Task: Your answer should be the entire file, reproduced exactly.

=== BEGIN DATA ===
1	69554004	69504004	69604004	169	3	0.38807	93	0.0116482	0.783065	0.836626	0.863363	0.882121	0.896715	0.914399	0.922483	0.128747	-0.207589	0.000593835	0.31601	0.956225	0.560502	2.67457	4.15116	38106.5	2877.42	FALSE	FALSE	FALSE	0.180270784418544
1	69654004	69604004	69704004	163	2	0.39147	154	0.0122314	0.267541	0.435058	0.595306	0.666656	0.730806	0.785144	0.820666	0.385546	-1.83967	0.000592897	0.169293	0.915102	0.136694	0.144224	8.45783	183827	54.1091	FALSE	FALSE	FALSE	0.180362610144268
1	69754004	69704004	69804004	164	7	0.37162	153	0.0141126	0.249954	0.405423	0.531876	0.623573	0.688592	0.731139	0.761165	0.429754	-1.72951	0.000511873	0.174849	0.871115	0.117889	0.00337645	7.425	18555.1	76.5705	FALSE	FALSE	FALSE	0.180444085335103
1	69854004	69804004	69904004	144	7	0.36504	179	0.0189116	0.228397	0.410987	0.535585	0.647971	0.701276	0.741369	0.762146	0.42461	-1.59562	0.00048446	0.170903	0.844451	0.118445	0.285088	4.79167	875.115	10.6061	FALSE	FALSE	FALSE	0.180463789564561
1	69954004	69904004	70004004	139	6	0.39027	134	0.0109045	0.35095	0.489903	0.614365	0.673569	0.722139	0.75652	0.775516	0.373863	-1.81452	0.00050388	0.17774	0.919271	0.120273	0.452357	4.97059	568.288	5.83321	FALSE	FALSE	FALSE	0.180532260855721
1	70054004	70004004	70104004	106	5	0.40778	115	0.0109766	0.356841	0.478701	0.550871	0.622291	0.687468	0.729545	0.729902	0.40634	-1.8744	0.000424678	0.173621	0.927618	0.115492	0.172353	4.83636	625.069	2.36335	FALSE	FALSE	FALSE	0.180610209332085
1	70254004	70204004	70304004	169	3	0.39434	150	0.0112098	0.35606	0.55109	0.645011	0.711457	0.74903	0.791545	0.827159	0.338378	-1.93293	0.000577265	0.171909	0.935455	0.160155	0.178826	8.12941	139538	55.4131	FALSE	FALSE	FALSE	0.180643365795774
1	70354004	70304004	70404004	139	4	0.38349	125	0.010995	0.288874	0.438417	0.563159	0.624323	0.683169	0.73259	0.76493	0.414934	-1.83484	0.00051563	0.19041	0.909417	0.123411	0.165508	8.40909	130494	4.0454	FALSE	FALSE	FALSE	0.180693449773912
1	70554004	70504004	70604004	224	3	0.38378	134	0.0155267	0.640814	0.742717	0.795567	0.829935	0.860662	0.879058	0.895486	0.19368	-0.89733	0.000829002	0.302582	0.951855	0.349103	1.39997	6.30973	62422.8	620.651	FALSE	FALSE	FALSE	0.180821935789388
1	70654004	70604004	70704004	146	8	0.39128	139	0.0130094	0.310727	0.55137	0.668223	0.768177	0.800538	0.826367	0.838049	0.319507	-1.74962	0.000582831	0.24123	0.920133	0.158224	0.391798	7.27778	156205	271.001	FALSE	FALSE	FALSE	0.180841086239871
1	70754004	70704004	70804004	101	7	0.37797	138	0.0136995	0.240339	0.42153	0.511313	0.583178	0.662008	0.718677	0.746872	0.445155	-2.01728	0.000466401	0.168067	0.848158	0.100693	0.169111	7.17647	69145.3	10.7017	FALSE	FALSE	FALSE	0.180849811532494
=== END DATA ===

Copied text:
1	69554004	69504004	69604004	169	3	0.38807	93	0.0116482	0.783065	0.836626	0.863363	0.882121	0.896715	0.914399	0.922483	0.128747	-0.207589	0.000593835	0.31601	0.956225	0.560502	2.67457	4.15116	38106.5	2877.42	FALSE	FALSE	FALSE	0.180270784418544
1	69654004	69604004	69704004	163	2	0.39147	154	0.0122314	0.267541	0.435058	0.595306	0.666656	0.730806	0.785144	0.820666	0.385546	-1.83967	0.000592897	0.169293	0.915102	0.136694	0.144224	8.45783	183827	54.1091	FALSE	FALSE	FALSE	0.180362610144268
1	69754004	69704004	69804004	164	7	0.37162	153	0.0141126	0.249954	0.405423	0.531876	0.623573	0.688592	0.731139	0.761165	0.429754	-1.72951	0.000511873	0.174849	0.871115	0.117889	0.00337645	7.425	18555.1	76.5705	FALSE	FALSE	FALSE	0.180444085335103
1	69854004	69804004	69904004	144	7	0.36504	179	0.0189116	0.228397	0.410987	0.535585	0.647971	0.701276	0.741369	0.762146	0.42461	-1.59562	0.00048446	0.170903	0.844451	0.118445	0.285088	4.79167	875.115	10.6061	FALSE	FALSE	FALSE	0.180463789564561
1	69954004	69904004	70004004	139	6	0.39027	134	0.0109045	0.35095	0.489903	0.614365	0.673569	0.722139	0.75652	0.775516	0.373863	-1.81452	0.00050388	0.17774	0.919271	0.120273	0.452357	4.97059	568.288	5.83321	FALSE	FALSE	FALSE	0.180532260855721
1	70054004	70004004	70104004	106	5	0.40778	115	0.0109766	0.356841	0.478701	0.550871	0.622291	0.687468	0.729545	0.729902	0.40634	-1.8744	0.000424678	0.173621	0.927618	0.115492	0.172353	4.83636	625.069	2.36335	FALSE	FALSE	FALSE	0.180610209332085
1	70254004	70204004	70304004	169	3	0.39434	150	0.0112098	0.35606	0.55109	0.645011	0.711457	0.74903	0.791545	0.827159	0.338378	-1.93293	0.000577265	0.171909	0.935455	0.160155	0.178826	8.12941	139538	55.4131	FALSE	FALSE	FALSE	0.180643365795774
1	70354004	70304004	70404004	139	4	0.38349	125	0.010995	0.288874	0.438417	0.563159	0.624323	0.683169	0.73259	0.76493	0.414934	-1.83484	0.00051563	0.19041	0.909417	0.123411	0.165508	8.40909	130494	4.0454	FALSE	FALSE	FALSE	0.180693449773912
1	70554004	70504004	70604004	224	3	0.38378	134	0.0155267	0.640814	0.742717	0.795567	0.829935	0.860662	0.879058	0.895486	0.19368	-0.89733	0.000829002	0.302582	0.951855	0.349103	1.39997	6.30973	62422.8	620.651	FALSE	FALSE	FALSE	0.180821935789388
1	70654004	70604004	70704004	146	8	0.39128	139	0.0130094	0.310727	0.55137	0.668223	0.768177	0.800538	0.826367	0.838049	0.319507	-1.74962	0.000582831	0.24123	0.920133	0.158224	0.391798	7.27778	156205	271.001	FALSE	FALSE	FALSE	0.180841086239871
1	70754004	70704004	70804004	101	7	0.37797	138	0.0136995	0.240339	0.42153	0.511313	0.583178	0.662008	0.718677	0.746872	0.445155	-2.01728	0.000466401	0.168067	0.848158	0.100693	0.169111	7.17647	69145.3	10.7017	FALSE	FALSE	FALSE	0.180849811532494